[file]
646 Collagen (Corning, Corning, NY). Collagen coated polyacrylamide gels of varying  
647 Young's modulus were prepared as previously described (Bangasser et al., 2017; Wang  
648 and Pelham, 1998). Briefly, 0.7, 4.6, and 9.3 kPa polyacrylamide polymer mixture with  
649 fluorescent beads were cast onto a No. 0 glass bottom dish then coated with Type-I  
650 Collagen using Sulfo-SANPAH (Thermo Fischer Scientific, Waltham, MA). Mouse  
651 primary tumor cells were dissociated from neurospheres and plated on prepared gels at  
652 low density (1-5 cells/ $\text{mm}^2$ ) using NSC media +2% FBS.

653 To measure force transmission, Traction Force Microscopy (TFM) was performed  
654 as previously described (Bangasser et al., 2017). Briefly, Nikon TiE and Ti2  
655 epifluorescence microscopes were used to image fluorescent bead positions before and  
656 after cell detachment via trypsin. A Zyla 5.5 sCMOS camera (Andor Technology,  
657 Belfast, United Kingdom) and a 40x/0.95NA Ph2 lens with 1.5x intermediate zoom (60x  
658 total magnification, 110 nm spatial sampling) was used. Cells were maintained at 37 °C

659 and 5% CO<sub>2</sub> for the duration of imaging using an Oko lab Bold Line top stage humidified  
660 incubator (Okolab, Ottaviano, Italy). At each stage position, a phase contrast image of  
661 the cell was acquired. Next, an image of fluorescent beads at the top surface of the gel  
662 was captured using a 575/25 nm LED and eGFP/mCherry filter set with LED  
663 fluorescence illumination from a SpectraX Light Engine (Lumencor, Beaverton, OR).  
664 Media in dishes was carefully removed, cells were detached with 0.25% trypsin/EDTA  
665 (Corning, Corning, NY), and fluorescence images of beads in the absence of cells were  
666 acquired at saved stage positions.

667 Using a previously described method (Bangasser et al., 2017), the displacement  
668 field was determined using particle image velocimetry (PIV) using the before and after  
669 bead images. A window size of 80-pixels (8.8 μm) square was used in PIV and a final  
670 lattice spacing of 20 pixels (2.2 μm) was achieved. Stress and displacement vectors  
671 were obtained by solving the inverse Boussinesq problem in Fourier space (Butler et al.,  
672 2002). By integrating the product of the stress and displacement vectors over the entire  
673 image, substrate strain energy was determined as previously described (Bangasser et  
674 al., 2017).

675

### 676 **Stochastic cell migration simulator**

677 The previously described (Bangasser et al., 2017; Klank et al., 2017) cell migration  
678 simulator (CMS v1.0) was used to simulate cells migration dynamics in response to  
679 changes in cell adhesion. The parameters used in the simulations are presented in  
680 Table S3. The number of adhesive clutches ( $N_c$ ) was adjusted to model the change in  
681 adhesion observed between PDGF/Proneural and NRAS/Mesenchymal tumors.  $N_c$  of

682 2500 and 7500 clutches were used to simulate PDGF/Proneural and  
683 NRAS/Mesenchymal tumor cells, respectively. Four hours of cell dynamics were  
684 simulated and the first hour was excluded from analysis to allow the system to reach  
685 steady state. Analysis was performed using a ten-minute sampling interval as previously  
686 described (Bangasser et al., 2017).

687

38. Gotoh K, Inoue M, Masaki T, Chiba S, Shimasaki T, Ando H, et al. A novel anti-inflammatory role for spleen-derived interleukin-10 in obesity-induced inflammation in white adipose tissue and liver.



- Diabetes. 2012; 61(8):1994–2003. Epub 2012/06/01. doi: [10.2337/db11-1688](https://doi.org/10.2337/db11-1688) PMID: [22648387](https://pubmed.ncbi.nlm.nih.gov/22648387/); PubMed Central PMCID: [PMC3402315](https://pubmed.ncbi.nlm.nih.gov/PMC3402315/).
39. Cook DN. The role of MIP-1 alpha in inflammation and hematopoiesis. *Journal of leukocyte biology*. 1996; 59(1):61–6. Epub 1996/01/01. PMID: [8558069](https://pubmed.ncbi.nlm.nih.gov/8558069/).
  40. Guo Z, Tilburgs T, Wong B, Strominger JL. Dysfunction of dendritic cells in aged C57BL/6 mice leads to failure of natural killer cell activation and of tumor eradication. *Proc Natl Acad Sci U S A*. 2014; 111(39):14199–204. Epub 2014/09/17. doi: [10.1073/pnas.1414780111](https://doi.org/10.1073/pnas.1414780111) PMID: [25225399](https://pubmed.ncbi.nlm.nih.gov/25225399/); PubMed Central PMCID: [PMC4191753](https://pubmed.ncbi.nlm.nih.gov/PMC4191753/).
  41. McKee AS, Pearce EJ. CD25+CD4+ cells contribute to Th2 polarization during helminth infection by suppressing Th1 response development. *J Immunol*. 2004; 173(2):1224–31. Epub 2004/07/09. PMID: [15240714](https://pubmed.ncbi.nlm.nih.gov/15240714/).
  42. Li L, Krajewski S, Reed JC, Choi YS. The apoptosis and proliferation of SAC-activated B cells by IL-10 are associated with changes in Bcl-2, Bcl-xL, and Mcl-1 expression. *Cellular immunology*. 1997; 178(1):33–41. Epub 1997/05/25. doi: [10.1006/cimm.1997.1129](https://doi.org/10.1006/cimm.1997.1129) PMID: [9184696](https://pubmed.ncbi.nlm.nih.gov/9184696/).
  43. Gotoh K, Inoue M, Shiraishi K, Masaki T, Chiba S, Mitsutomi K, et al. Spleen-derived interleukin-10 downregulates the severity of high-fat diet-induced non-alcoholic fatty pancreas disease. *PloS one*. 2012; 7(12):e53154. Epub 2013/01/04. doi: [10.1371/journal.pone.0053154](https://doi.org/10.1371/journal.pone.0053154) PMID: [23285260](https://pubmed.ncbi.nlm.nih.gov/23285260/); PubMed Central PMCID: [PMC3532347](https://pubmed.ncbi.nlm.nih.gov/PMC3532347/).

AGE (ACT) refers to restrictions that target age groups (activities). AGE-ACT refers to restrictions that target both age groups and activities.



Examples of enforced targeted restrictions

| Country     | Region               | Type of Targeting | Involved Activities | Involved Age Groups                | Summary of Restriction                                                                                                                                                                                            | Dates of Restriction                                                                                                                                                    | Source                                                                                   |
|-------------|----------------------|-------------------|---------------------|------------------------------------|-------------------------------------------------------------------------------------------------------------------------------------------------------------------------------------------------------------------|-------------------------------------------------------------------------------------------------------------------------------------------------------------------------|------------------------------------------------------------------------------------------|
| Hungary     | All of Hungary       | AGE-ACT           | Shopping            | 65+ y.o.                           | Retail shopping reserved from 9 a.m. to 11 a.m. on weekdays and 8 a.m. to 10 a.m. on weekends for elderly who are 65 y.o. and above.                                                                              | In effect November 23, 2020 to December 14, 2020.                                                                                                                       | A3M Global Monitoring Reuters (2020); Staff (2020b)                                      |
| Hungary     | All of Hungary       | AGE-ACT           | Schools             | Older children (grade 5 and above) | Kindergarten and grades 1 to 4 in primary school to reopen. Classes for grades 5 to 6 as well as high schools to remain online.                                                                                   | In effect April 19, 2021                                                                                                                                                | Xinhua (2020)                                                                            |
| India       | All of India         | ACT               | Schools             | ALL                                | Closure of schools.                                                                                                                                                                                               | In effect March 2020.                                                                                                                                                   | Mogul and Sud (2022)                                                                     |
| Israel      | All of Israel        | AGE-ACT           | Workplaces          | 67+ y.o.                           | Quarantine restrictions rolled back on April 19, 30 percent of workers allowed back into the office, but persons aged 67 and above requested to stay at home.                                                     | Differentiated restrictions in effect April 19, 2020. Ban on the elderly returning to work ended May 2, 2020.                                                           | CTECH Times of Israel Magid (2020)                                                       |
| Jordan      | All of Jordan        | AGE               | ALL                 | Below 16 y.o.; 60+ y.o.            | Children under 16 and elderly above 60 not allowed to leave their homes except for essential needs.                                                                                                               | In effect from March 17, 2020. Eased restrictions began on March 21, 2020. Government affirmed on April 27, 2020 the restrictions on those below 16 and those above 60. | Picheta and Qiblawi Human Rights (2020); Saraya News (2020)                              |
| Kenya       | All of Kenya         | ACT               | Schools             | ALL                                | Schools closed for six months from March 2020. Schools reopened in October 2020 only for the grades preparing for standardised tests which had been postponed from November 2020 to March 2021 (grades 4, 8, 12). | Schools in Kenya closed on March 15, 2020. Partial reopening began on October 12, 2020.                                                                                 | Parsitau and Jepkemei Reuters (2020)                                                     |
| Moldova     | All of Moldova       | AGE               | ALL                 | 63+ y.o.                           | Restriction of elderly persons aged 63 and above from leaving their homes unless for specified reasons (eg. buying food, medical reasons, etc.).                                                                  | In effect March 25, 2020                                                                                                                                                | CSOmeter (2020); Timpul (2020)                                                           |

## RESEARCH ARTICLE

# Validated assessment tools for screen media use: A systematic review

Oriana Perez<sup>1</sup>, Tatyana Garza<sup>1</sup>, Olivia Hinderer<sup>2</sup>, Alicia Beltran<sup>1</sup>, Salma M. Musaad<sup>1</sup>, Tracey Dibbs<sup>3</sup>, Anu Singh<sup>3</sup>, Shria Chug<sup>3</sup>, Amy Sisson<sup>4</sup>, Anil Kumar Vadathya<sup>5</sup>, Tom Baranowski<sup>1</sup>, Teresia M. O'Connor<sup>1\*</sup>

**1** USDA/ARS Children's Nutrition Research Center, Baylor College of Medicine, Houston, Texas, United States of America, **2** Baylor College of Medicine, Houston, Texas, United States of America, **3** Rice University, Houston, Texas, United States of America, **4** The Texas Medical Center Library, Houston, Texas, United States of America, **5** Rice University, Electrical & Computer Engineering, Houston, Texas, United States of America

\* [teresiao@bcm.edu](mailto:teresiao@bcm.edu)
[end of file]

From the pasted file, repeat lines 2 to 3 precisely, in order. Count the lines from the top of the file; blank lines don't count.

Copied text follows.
647 Young's modulus were prepared as previously described (Bangasser et al., 2017; Wang  
648 and Pelham, 1998). Briefly, 0.7, 4.6, and 9.3 kPa polyacrylamide polymer mixture with  